Journal of ISSN: 2373-633XJCPCR

Cancer Prevention & Current Research
Volume 7 Issue 1 - 2017
Cancer Literature: Preventing Recklessness and Promoting Rectitudeness among Reviewers
Wilson IB Onuigbo*
Department of Pathology, Medical Foundation and Clinic, Nigeria
Received: November 18, 2016 | Published: January 06, 2017
*Corresponding author: Wilson IB Onuigbo, Department of Pathology, Medical Foundation and Clinic, 8 Nsukka Lane, Enugu 40001, Nigeria, Email:
Citation: Onuigbo WIB (2017) Cancer Literature: Preventing Recklessness and Promoting Rectitudeness among Reviewers. J Cancer Prev Curr Res 7(1): 00220. DOI: 10.15406/jcpcr.2017.07.00220


Referees are very important in scientific communications. Therefore, after successfully publishing a review paper, it is necessary to draw attention to the disparateness of the assessments of 2 referees who had handled it for another Journal that ultimately rejected it. Consequently, it is hypothesized that at least three choice voices should be the minimum team for equitable decision.

Keywords: Script; Refereeing; Number; Equitability


The role of the refereeing process in the advancement of Science was thoroughly examined recently [1]. In fact, it included an important aspect, namely, rejection of the submitted manuscript. Recently, I successfully published a review entitled “Spontaneous regression of breast carcinoma: review of English publications from 1753 to 1897 [2]. Therefore, it is deemed appropriate to draw attention to two referees whose reports were diametrically opposite when that very manuscript was submitted elsewhere. Unfortunately, it was rejected. Accordingly, I am persuaded that there is need to draw attention to their respective comments. Clearly, one of them wrote with rectitude and the other with recklessness!    

Referee I

“The manuscript is an interesting approach at the historical documentation of tumor regression.  The author has collected an impressive set of references and quotations from prominent physicians of the 18th and 19th century, as well as case reports of apparent tumor regression. Unfortunately, the manuscript lacks the structure that would allow a reader to understand the phenomenon of regression and comes across more as a collage of anecdotes.  I believe the author could give the paper a more fluid structure without sacrificing the impressive collection of data that he has acquired.  I would also strongly encourage that, while not the central purpose of the article, the author reviews briefly the scientific theories behind the phenomenon of regression, as an introductory section.  Further review of Ross et al's paper I think is also warranted.  The author should comment on the possibility that the described tumors were not in fact of neoplastic nature.  I would also recommend illustrating the manuscript, as historical illustrations always generate a lot of interest.  In summary, I believe this is a very interesting topic, which could be presented in a significantly better way but adding structure to the manuscript.”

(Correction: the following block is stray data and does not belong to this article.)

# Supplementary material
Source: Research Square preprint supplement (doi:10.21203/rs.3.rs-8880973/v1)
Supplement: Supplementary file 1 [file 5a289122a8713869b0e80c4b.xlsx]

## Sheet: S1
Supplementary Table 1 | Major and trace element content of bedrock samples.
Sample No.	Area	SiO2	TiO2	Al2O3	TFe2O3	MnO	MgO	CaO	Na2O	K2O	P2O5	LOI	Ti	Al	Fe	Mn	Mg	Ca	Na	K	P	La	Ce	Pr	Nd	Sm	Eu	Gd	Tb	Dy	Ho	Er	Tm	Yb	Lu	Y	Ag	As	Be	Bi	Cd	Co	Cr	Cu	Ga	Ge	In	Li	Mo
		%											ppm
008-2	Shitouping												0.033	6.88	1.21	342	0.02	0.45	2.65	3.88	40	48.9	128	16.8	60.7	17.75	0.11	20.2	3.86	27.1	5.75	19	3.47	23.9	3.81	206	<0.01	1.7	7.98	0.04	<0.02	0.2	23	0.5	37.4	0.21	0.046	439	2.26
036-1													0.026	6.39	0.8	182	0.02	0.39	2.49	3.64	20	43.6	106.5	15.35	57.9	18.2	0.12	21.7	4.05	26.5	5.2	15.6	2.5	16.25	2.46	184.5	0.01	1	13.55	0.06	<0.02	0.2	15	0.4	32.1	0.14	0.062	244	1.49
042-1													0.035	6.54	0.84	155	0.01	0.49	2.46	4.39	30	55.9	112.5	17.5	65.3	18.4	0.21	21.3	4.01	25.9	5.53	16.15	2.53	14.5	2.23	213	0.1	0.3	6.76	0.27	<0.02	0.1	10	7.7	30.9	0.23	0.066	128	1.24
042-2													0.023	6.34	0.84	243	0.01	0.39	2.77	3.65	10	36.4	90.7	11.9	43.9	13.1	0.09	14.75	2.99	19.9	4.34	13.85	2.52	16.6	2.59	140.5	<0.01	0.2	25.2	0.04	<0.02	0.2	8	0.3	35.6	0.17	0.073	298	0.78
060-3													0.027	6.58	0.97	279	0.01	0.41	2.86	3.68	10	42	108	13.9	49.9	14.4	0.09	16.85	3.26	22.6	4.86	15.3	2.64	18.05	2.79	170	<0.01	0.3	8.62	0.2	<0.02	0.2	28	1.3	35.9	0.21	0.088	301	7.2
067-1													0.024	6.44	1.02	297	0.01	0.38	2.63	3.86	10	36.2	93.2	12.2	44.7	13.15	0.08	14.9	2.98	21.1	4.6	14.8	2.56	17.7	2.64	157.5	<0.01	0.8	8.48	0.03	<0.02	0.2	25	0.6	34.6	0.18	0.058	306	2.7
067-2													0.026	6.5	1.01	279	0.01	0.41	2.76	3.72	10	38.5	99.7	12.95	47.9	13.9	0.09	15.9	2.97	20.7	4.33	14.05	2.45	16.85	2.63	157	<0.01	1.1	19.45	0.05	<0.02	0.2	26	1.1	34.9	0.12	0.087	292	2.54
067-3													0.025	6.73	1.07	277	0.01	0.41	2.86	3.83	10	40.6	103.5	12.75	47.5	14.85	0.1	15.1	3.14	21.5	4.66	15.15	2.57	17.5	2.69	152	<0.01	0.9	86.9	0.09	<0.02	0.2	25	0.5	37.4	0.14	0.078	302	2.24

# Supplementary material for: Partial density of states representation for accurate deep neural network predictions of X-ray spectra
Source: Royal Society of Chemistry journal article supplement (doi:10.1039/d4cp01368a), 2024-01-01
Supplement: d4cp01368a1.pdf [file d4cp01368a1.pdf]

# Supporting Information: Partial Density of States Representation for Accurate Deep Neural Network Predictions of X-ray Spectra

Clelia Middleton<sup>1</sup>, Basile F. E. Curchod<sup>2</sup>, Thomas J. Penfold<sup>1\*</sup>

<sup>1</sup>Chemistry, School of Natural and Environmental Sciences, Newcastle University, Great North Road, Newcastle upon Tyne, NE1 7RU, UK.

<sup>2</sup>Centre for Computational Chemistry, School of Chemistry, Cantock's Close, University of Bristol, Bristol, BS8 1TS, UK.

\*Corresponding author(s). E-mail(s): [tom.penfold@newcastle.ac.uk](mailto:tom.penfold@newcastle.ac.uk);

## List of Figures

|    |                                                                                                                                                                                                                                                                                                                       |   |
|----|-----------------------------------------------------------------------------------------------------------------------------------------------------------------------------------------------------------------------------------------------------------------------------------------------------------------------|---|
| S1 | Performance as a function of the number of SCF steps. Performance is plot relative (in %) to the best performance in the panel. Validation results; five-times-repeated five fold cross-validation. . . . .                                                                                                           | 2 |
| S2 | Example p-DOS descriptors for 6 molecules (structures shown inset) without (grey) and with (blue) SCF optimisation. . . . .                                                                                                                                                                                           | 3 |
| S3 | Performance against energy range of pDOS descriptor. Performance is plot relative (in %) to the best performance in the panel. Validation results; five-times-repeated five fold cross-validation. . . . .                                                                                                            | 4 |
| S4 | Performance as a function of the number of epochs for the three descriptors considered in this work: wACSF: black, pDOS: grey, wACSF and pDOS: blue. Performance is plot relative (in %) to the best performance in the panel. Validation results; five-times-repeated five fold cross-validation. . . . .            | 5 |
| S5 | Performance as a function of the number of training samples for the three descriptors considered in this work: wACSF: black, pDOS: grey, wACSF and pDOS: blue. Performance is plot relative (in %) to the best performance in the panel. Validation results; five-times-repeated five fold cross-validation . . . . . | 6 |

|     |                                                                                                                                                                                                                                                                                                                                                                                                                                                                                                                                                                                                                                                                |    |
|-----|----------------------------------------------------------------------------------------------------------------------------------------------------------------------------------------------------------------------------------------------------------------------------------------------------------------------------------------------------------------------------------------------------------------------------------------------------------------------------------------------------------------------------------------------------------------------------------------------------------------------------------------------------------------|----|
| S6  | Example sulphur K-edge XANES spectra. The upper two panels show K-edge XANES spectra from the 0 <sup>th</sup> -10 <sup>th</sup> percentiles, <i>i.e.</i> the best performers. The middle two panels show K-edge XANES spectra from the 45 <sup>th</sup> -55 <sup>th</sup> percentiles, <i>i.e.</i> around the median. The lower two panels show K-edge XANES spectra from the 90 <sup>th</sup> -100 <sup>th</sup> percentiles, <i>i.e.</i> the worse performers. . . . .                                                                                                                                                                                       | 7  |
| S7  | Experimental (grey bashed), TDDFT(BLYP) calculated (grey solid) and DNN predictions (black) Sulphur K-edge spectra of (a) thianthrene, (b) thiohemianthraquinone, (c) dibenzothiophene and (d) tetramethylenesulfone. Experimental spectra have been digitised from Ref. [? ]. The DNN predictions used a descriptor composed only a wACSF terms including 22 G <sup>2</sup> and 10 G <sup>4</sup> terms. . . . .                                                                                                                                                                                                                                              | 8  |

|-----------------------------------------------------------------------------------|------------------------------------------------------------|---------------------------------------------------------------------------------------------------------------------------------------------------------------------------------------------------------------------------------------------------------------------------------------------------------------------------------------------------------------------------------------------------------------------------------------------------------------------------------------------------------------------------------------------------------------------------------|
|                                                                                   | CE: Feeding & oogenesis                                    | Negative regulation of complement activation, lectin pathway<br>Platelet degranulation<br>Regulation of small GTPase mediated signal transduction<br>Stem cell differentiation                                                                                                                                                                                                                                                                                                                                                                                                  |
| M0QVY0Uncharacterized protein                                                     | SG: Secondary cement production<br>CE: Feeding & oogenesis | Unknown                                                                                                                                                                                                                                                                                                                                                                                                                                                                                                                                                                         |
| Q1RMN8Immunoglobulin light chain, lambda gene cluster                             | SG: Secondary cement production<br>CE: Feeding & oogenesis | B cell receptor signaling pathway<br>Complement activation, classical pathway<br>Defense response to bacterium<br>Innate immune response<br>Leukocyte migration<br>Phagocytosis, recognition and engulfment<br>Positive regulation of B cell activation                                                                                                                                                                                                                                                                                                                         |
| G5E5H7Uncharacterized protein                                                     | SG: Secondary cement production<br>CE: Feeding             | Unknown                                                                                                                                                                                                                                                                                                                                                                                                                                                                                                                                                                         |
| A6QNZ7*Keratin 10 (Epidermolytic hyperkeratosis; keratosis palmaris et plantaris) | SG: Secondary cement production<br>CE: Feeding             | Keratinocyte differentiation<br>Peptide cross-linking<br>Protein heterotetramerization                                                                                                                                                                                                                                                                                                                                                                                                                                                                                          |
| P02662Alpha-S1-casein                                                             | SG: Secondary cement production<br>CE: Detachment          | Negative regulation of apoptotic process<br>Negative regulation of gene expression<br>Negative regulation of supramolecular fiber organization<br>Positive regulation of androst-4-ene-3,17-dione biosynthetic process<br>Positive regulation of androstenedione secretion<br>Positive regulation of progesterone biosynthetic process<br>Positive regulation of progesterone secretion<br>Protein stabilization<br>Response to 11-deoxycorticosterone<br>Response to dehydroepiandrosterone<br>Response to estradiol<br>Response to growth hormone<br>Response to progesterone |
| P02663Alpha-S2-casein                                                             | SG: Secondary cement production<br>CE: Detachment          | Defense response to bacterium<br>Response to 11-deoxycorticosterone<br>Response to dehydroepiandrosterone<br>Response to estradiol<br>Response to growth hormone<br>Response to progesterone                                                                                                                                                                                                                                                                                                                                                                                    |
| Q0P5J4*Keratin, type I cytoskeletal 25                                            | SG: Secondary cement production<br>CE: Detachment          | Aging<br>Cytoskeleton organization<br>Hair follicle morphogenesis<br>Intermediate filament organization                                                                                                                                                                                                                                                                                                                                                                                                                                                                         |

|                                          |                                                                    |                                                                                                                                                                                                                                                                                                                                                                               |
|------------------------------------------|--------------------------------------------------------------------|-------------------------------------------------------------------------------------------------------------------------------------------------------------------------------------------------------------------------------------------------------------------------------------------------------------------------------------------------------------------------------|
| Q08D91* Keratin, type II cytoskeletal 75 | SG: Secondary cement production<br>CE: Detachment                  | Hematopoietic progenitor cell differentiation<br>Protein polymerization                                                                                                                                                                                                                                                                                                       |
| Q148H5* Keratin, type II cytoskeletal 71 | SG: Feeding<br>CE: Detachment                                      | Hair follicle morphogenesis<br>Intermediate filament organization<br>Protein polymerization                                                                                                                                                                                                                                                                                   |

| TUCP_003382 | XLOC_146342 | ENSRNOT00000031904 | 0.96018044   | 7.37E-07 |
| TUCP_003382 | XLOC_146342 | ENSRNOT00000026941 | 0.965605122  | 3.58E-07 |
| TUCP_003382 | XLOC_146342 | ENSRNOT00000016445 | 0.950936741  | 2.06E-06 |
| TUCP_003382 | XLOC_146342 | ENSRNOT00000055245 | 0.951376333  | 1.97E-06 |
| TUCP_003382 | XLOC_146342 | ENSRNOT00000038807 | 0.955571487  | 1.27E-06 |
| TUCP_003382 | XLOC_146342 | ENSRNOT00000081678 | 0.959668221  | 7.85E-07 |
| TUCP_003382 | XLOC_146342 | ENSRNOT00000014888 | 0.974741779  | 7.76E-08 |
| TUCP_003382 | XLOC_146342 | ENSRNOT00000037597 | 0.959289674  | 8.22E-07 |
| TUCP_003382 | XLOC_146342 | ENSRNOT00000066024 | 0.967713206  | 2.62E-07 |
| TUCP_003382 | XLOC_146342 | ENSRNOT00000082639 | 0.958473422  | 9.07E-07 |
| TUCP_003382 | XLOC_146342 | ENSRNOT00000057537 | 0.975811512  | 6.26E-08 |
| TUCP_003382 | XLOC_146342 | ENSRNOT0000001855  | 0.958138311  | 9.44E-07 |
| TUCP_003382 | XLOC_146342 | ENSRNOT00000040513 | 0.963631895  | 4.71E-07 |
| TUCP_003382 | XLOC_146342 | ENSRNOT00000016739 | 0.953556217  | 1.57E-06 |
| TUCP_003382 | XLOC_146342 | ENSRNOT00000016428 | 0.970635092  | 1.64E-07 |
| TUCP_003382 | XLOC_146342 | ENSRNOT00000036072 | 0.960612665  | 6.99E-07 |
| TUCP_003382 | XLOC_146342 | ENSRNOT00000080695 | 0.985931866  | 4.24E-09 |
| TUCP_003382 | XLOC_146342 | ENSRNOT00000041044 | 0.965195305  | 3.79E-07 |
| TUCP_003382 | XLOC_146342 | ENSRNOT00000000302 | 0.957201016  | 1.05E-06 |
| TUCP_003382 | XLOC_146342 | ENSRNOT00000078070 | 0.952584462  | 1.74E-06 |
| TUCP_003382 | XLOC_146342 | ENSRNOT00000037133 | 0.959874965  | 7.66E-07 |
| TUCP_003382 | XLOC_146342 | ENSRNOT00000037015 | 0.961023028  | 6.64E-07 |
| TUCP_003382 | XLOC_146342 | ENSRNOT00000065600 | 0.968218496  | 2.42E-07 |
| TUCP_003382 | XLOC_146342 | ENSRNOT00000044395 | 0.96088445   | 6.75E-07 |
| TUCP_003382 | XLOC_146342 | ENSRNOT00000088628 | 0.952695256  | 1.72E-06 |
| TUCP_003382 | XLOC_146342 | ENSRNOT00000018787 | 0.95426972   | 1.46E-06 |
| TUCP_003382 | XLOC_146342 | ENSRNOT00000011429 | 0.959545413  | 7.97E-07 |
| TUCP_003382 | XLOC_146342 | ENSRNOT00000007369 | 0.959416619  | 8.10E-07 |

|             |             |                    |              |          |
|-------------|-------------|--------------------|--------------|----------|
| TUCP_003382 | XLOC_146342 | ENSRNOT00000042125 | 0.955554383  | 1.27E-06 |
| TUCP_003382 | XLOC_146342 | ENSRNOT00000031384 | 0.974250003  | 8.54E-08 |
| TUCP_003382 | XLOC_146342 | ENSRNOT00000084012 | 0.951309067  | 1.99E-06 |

Referee II

“This paper is reviewing two historical cases of regression on advanced breast cancer. The first case (abridged case report of Gould - reference 2) is from 1890s and was presumptively verified by histology. The second case (William Walshe’s report - reference 3) is from 1846. This patient was diagnosed before the area of histological pathology. The second patient review is very limited and slides over into referring some historical views on cancer. I think a discussion of the medical history of cancer in the period 1753 to 1897 cannot be done in 1-2 pages like here. It is not informative. I am not able to judge if his references are representative for the medical history. Such cases are interesting, but the diagnoses are questionable, especially the second case, which has no histo-pathological evidence. Both cases have been published before and this paper does not add anything new. Regression of late stage cancer has been observed for many cancers but is very rare. Old cases without histo-pathological evidence and blood tests are not interesting (except for medical historians) I think. This paper has no scientific structure. It is not a systematic review. I did not learn anything from reading this paper.”


I am persuaded that these two decidedly disparate examples of refereeing are instructive. Their very marked differences speak for the need for weightier carefulness in the selection of referees. Indeed, as Lundberg and Carney [3] put it, “There is an art to choosing the right reviewers and in deciding how much credence to give to their opinions.” Hence, let the progress be made along the line of very careful selections. Indeed, in all probability, having at least 3 reviewers will make for a bountiful balance! [4].


  1. El-Munshid HA (2001) Evaluation of peer review in biomedical publication. Ann Saudi Med 21(5-6): 275-282.
  2. Onuigbo WIB (2012) Spontaneous regression of breast carcinoma: review of English publications from 1753 to 1897. Oncol Rev6(2): 171-174.
  3. Lundberg GD, Carney MJ (1986) Peer review at JAMA - 1985. J Am Med Assoc 255(23): 3286-3292.     
  4. Onuigbo WIB (2016) One referee constitutes a poor method of assisting the editor to assess epidemiologic research: Should three not be the standard? J Med Diag Methodol 5: 206.
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